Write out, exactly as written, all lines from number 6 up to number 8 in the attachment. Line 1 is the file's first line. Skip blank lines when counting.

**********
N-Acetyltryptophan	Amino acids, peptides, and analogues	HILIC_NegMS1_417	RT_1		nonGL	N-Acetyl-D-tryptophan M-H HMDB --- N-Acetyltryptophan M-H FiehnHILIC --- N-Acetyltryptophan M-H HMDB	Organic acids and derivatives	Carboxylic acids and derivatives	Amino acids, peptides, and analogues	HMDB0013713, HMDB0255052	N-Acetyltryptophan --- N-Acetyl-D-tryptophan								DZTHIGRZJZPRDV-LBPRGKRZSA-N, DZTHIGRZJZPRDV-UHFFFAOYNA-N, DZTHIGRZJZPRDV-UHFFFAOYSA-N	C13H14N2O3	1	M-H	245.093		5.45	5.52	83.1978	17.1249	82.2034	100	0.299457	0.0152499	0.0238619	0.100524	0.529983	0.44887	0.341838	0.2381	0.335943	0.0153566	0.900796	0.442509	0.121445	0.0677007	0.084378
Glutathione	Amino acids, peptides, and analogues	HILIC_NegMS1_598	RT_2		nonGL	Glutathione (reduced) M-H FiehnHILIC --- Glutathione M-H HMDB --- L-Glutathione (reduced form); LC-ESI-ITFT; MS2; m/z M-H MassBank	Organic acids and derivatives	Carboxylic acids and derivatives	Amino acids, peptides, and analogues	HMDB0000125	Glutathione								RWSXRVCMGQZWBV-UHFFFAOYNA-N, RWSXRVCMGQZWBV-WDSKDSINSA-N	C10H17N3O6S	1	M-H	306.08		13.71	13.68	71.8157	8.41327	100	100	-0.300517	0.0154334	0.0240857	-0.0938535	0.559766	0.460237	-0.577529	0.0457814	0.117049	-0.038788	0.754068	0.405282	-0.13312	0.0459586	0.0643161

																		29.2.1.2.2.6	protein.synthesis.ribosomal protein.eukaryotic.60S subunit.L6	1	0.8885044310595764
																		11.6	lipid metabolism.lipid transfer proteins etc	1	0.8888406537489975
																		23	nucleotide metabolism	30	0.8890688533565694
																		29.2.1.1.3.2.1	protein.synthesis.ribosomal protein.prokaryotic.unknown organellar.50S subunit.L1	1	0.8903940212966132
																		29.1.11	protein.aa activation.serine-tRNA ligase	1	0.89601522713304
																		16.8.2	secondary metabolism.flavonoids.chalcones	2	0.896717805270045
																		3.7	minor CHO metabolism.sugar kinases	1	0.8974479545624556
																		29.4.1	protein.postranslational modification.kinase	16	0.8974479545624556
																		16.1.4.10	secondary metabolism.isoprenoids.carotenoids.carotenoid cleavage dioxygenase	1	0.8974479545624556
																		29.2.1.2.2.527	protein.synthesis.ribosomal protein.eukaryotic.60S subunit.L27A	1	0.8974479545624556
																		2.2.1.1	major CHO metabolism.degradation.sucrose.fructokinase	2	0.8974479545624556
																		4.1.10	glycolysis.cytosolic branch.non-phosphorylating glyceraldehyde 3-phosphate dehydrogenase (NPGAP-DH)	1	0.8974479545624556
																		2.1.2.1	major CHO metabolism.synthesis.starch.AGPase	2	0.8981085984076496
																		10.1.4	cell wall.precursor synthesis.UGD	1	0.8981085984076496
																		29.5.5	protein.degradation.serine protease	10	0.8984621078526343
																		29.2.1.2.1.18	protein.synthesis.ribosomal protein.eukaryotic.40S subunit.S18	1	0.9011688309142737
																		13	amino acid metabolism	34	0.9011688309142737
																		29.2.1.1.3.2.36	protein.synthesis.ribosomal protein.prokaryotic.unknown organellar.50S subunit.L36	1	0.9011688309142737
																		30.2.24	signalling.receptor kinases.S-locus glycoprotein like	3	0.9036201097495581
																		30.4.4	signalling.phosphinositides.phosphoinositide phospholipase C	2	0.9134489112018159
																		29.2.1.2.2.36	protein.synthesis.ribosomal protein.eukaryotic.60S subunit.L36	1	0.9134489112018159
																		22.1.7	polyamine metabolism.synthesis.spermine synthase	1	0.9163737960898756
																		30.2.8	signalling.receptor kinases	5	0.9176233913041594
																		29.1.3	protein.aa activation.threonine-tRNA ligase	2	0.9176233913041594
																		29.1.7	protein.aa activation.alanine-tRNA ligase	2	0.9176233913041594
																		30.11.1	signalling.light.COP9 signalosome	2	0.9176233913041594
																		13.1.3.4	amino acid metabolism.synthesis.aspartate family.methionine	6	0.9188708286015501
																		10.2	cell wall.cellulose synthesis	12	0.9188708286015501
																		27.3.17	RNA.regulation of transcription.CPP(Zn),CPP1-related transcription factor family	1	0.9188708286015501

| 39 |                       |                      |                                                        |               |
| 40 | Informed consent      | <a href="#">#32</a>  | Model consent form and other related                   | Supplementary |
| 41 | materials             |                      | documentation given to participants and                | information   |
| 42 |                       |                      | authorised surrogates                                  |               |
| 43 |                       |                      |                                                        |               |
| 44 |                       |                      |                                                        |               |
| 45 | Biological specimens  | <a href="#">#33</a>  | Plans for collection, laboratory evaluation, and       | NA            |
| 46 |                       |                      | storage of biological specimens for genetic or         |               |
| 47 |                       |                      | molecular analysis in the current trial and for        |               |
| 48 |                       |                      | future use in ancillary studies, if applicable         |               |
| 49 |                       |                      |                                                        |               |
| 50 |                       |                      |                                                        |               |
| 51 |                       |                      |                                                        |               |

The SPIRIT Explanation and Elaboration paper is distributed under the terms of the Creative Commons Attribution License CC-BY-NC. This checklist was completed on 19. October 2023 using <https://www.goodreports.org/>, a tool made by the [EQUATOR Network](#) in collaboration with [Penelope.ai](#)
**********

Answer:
																		29.2.1.1.3.2.1	protein.synthesis.ribosomal protein.prokaryotic.unknown organellar.50S subunit.L1	1	0.8903940212966132
																		29.1.11	protein.aa activation.serine-tRNA ligase	1	0.89601522713304
																		16.8.2	secondary metabolism.flavonoids.chalcones	2	0.896717805270045